Released a few months ago, but only just catching my eye (thanks to creator Theo Waern alerting us to it), The Journey Down is one of the most remarkable-looking AGS indie adventures I’ve seen. Taking five years to put together, it’s obviously a true labour of love, this opening chapter telling the tale of gas station owner Bwana and his attempt to rebuild his aeroplane so he can get out of crippling debts. An evil power company is demanding huge payments, while making it illegal for anyone to explore a region of this world known as The Edge. To get there, a bunch of inventory items are going to be needed, that’s for sure.
It’s a very traditional point and click adventure, apart from the lack of variety in control – there’s a one-cursor-for-all, which is always a bit of a shame. Well written, it cleverly crafts an alternate world without making any fuss, or shouty noise. I really appreciate it for that. And more importantly, the vast majority of the puzzles are well put together, and while as daft as anything that came out in the 90s, at least mostly relatively pseudo-logical. The only issue here is the lack of distinction between interactive objects and the backgrounds, meaning you’re often resorting to sweeping the screen for anything that offers a name.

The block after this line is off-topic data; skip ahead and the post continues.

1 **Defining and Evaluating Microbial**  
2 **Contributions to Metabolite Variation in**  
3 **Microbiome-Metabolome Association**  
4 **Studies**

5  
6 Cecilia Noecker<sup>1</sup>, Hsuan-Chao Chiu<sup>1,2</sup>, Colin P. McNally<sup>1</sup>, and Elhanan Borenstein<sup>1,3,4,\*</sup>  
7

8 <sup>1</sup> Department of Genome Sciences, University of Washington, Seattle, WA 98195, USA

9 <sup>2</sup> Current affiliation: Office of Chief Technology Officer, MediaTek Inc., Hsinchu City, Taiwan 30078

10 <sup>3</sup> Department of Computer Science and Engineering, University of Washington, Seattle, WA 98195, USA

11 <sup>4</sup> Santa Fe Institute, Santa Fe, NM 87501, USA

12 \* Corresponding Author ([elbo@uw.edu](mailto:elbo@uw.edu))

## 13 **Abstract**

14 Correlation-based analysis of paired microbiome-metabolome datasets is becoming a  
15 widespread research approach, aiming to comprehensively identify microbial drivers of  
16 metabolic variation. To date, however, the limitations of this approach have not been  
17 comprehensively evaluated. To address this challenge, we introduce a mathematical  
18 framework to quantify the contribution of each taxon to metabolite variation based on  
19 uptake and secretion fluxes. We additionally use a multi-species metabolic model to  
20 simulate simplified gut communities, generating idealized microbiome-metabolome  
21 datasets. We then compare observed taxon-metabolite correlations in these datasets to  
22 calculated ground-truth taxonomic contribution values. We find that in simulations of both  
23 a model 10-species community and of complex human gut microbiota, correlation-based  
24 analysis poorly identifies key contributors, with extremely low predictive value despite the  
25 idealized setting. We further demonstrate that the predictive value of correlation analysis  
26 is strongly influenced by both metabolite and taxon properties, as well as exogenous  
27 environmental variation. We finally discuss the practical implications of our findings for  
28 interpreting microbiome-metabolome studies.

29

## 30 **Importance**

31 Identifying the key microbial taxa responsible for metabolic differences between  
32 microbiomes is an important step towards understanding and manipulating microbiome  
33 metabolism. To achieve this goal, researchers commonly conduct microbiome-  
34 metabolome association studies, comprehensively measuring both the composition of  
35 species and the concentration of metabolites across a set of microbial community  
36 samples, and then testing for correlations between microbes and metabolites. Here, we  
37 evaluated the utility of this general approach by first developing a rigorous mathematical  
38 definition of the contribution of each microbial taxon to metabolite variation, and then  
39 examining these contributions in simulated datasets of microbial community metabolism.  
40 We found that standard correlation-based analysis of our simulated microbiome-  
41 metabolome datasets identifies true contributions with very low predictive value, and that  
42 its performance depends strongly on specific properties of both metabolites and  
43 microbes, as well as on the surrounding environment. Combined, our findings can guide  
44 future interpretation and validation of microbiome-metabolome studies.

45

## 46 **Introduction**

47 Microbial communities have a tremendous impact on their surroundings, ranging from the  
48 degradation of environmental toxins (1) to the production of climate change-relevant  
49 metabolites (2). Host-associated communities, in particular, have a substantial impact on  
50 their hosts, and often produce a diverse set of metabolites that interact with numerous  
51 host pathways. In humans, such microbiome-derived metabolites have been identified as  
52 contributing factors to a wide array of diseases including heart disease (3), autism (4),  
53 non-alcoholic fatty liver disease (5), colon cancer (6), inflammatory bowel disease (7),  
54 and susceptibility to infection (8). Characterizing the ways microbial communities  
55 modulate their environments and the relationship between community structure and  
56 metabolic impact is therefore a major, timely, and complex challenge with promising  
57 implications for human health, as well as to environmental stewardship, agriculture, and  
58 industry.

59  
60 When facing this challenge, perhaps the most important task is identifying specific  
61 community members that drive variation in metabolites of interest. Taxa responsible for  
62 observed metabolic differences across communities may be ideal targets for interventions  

But that’s partly because it’s all so gosh-darn beautifully painted. Looking as splendid as anything LucasArts or Sierra were producing 15 years ago, a remarkable talent for painting pixels is on display. There’s even CGI of the era during the end sequence, all running through Chris Jones’s Adventure Game Studio. It’s a real work of art.
My only real issue with the game is the occasional stereotyping. The main cast are physically based on African masks (and their character design is excellent), but the (written) speech appears to be Jamaican, indicated by the ludicrous over-inclusion of the word “mon”, along with reggae music throughout. God knows there aren’t enough games that acknowledge non-European/North American characters (although I guess Jamaica is N. America), but the muddle here does feel a bit like plucking the sorts of stereotypes that might have appeared in a Bugs Bunny cartoon. Slightly worse is an apparently Japanese chef, who interchanges all his Ls and Rs. I dunno, it’s not egregious or offensive, but it doesn’t sit as comfortably as it might.
However, all the characters are extremely likeable, and the plot – while only being introduced here – is intriguing, both for the apparent content, and the world in which it’s all set. It’s completely free, and you can get it here. It’s definitely worth a look. The second chapter is due to appear in the middle of next year. You can watch the first fifteen minutes of the game below: